Mariana Alvarado Arizona Daily Star
The silence is pierced by an anguished cry.
"Everybody in town knows who the killers are ... They burned down my house, my ranch, they threw grenades. I want justice!"
It's Jorge Mendoza López, whose three brothers were kidnapped and presumed killed last Sept. 17, presumably by drug traffickers. His shouts get attention of the crowd gathered at the plaza Tuesday and distract Tubutama's mayor, Santos Castañeda Barceló, who asked for a moment of silence to mourn the killing of three town officials.
Mendoza López demands answers from Sonoran legislators, who have traveled from Hermosillo to this mission town 40 miles south of the U.S.-Mexico border as part of an armed convoy of politicians, officials and reporters. Guarding the group are dozens of armed agents from the Mexican military and Sonoran police.
The Sonoran Legislature has moved the day's regular session to Tubutama to publicly approve a new law that lets municipalities like Tubutama request state police resources.
Perhaps no place in Mexico needs help like Tubutama. It used to be a popular stop on tours of Americans wanting to see beautiful mission churches.
Then drug gangs started warring on the roads connecting northern Sonora's mission towns. The town's last policeman, 34-year-old Julio Adrián Paz Robles, was killed May 29. Mayor Castañeda Barceló's staff members Gerardo González Méndez and Sergio Vázquez Díaz were shot dead a year ago in San Jorge - a village close to Tubutama. Their bodies were found inside a green pickup without license plates.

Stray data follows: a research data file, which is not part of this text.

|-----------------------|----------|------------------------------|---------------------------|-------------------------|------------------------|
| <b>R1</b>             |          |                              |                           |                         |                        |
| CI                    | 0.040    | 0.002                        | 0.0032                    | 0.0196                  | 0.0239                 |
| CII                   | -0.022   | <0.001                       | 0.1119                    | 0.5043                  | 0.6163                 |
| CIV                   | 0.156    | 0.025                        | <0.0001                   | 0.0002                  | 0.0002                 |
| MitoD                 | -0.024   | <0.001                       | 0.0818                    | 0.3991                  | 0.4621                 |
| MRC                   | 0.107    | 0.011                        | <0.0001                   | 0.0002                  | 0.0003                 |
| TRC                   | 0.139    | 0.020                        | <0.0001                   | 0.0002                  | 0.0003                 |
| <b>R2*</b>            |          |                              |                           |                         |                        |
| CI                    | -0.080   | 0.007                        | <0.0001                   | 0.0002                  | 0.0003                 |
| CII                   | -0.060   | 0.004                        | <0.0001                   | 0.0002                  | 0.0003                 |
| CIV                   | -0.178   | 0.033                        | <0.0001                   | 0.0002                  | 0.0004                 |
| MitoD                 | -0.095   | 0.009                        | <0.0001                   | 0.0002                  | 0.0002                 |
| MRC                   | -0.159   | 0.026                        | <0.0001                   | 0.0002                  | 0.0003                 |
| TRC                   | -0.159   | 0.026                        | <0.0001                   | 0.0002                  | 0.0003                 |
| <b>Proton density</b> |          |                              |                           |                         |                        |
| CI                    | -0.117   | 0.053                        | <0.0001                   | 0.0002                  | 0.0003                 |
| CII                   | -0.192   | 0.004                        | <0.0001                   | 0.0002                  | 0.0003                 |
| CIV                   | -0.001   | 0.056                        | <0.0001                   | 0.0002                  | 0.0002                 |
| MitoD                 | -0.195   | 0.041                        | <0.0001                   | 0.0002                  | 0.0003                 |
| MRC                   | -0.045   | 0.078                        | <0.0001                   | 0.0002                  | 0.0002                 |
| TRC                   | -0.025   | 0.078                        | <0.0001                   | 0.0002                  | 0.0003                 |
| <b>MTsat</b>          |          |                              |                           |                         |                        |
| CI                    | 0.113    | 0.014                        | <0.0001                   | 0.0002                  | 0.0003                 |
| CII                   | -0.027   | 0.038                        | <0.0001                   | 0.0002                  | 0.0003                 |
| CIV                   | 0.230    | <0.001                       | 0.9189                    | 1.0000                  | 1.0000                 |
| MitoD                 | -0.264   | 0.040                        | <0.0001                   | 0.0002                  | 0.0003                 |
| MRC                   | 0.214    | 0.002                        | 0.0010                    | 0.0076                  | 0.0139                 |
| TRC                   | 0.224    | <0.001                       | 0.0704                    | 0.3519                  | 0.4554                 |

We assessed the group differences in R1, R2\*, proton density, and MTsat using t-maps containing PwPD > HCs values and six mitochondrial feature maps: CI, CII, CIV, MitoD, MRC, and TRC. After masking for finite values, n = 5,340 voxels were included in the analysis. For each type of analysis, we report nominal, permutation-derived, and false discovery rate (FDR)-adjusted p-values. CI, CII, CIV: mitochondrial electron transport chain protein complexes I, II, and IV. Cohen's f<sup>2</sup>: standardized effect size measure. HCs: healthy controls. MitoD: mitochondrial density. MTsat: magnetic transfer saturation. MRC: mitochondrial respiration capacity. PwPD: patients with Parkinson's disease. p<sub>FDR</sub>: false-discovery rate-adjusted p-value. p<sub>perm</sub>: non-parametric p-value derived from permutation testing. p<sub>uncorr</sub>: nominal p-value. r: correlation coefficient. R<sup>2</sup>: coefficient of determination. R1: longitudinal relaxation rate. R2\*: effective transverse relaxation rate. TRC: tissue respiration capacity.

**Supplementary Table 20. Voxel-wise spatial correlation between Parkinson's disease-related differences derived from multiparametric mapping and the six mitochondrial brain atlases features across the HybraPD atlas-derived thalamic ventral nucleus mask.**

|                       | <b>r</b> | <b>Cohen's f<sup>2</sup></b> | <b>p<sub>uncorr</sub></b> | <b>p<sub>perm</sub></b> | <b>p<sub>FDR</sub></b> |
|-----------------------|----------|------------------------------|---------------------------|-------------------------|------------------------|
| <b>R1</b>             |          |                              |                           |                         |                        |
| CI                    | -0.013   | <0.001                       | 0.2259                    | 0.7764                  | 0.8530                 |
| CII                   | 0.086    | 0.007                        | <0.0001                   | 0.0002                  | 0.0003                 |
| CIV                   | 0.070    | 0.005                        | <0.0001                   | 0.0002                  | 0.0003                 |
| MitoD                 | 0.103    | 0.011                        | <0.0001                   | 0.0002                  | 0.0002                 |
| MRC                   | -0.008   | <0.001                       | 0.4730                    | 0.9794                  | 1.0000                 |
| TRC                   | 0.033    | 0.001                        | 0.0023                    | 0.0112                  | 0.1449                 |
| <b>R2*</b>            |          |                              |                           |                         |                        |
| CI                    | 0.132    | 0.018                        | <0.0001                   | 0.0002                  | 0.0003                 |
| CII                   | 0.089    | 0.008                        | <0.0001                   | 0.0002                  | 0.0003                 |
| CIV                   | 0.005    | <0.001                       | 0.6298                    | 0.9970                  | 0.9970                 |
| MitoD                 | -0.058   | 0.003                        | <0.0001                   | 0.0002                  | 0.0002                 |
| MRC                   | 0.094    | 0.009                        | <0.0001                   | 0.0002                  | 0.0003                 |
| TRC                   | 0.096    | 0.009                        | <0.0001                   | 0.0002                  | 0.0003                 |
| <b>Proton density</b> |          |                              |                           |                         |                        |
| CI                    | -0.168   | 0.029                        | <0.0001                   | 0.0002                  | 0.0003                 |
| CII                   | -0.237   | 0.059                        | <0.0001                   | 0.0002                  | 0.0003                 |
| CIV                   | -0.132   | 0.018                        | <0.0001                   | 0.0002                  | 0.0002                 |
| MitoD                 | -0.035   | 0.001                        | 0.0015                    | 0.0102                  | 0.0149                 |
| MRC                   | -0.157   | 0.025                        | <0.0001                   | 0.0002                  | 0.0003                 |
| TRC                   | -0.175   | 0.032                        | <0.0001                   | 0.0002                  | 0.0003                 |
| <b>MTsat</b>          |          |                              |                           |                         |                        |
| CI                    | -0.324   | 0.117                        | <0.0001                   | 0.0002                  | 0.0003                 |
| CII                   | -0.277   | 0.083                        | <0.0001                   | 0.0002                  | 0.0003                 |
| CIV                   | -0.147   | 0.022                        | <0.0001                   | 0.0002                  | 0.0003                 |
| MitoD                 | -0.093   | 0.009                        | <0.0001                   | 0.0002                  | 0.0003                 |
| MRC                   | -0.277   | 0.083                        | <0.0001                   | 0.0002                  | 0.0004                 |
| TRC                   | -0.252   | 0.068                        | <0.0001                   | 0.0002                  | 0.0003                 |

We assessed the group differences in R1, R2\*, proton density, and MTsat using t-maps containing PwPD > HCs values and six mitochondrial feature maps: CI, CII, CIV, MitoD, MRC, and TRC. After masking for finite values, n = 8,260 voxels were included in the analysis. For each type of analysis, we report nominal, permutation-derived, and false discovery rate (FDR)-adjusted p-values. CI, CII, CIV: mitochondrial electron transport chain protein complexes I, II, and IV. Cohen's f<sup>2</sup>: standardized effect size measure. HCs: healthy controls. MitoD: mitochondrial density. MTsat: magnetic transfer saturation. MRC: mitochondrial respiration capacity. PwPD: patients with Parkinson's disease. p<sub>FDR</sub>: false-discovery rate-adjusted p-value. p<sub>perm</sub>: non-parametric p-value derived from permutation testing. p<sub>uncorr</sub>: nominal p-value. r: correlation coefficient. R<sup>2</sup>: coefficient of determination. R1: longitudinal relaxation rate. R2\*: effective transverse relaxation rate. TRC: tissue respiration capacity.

Last July 1, a shootout between rival traffickers competing for drugs and smuggling routes left at least 21 people dead and six wounded, Sonora's attorney general says. The violent confrontation occurred on a deserted stretch between Tubutama and Sáric, about 12 miles south of the Arizona border near Sasabe.
Since then, hardly anybody dares to drive those roads. Grocery distributors no longer make deliveries. The town's only gas station has closed and now serves as a checkpoint where members of the Mexican military sometimes monitor who goes to and from Tubutama.
Many of the town's residents have fled. Mexico's census bureau says Tubutama and its six surrounding villages have 1,751 residents. Mayor Castañeda Barceló estimates that at least 300 have left.